Fondation Louis Vuitton, a private art museum in Paris that houses the collection of luxury conglomerate LVMH (LVMHF) and its billionaire CEO Bernard Arnault, will be hosting the first Mark Rothko exhibition in France since 1999. With pieces on loan from institutions like the Metropolitan Museum of Art, the Museum of Modern Art and the Whitney Museum of American Art, the temporary show will showcase Rothko’s career through 115 works.
The coming retrospective will include intimate paintings and urban landscapes from Rothko’s early career in the 1930s, opening with the artist’s only self-portrait, painted in 1936. Extending to Rothko’s 1969-1970 Cathedral, the show will also reflect on his foray into abstract expressionism in the 1940s and his well-known and warm-toned works from the 1950s.
Two major loans will star in the show, which will open this October and end in April of next year. The Rothko collection of the Phillips Collection, located in Washington, D.C., will send over its permanent “Rothko Room” to Fondation Louis Vuitton. Created in 1960 with help from the artist himself, the ensemble features works like Rothko’s red and yellow The Ochre (Ochre, Red on Red) from 1954.
A series of Rothko’s Seagram Murals will be loaned by the Tate. While the pieces were originally commissioned in 1958 for a Four Seasons restaurant in New York, Rothko decided to keep the works after he visited the restaurant himself and found the setting too luxurious. He later donated nine of the works to the Tate Gallery, which has since displayed them in its own “Rothko Room.” When the room is emptied, the Tate will reportedly be filling it with Joan Mitchell works loaned by Fondation Louis Vuitton.
In addition to works from numerous art institutions, the retrospective will include pieces loaned by Rothko’s family. The artist’s son Christopher Rothko collaborated on the show, according to head curator Suzanne Page, who in a statement described the “responsibility involved in staging a Rothko exhibition today, and of the difficulty of bringing together rare and extremely fragile works by such an essential artist.”
What else is in Fondation Louis Vuitton?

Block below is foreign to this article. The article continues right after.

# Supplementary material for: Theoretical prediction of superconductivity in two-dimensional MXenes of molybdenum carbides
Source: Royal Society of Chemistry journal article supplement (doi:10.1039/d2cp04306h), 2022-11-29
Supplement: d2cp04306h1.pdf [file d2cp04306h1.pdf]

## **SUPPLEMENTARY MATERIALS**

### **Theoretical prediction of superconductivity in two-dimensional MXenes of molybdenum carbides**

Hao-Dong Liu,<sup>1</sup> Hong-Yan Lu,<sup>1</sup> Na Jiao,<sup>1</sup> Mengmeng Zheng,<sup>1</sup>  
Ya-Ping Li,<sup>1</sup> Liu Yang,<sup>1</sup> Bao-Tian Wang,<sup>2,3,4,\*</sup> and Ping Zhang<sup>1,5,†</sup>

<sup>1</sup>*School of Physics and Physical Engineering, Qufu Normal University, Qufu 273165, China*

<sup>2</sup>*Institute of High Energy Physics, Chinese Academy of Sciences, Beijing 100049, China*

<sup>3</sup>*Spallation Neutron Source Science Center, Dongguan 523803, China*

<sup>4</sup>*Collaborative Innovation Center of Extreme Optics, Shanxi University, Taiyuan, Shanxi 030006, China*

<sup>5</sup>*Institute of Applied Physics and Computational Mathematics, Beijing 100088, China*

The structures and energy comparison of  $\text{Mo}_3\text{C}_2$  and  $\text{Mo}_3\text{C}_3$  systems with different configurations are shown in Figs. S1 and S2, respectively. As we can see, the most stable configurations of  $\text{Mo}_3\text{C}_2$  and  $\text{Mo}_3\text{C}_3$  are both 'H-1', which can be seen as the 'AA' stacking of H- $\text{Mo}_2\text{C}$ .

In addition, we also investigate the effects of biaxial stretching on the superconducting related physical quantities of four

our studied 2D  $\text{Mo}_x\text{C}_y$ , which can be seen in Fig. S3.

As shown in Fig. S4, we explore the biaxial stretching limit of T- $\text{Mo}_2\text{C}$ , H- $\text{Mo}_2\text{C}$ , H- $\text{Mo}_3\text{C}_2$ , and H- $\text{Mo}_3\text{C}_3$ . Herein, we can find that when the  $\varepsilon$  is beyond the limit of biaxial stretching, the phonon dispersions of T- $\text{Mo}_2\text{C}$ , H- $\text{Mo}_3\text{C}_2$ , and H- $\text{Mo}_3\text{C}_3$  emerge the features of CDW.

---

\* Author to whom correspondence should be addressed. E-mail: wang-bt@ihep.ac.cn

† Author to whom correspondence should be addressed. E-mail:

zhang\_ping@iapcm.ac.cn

Arnault, the world’s second richest person with a net worth of $235.2 billion, has long shown an avid interest in the art world through his collaborations with artists like Takashi Murakami, Yayoi Kusama and Richard Prince. His own collection, which started with an auction purchase of a Claude Monet painting, contains pieces from high-profile artists like Damien Hirst, Pablo Picasso, Andy Warhol and Bernard Buffet. The LVMH head has even branched out into the digital realm with a growing collection of non-fungible tokens (NFTs).
He opened Fondation Louis Vuitton in 2014 as a private museum (housing his own collection and that of LVMH) and stages two temporary exhibitions of modern and contemporary artwork annually. Other pieces in the museum, which is currently showing an exhibition highlighting collaborations between Jean-Michel Basquiat and Andy Warhol, include works by Gerhard Richter, Ellsworth Kelly and Thomas Schutte. It also offers music recitals and performances in its auditorium and runs the Open Space program, in which artists are invited to create site-specific pieces.
The museum’s grand building was designed by Frank Gehry, whom Arnault approached with plans to collaborate on the institution in 2001. By 2006, Arnault had publicly revealed his plans for Fondation Louis Vuitton, located in Paris next to the Jardin d’Acclimatation in the Bois de Boulogne, which he has described as “a new space that opens up a dialogue with a wide public and offers artists and intellectuals a platform for debate and reflection.”
Even though Fondation Louis Vuitton is run as a separate entity from LVMH, its relationship to the luxury conglomerate that oversees brands like Louis Vuitton and Christian Dior has led to occasional backlash. Earlier this year, the Joan Mitchell Foundation sent a cease-and-desist letter to Louis Vuitton for allegedly reproducing three of the late artist’s works in an ad campaign without permission. The images were reportedly taken at Fondation Louis Vuitton, with an exhibition of paintings from Mitchell and Monet used as a backdrop. In a case that was later dismissed, a French anti-corruption group in 2018 accused LVMH of committing tax evasion through the museum, claiming it deducted 60 percent of the institution’s construction cost from its taxes. The creation of Fondation Louis Vuitton, which was originally supposed to cost about 100 million euros ($111 million), ended up costing nearly 800 million euros ($890 million).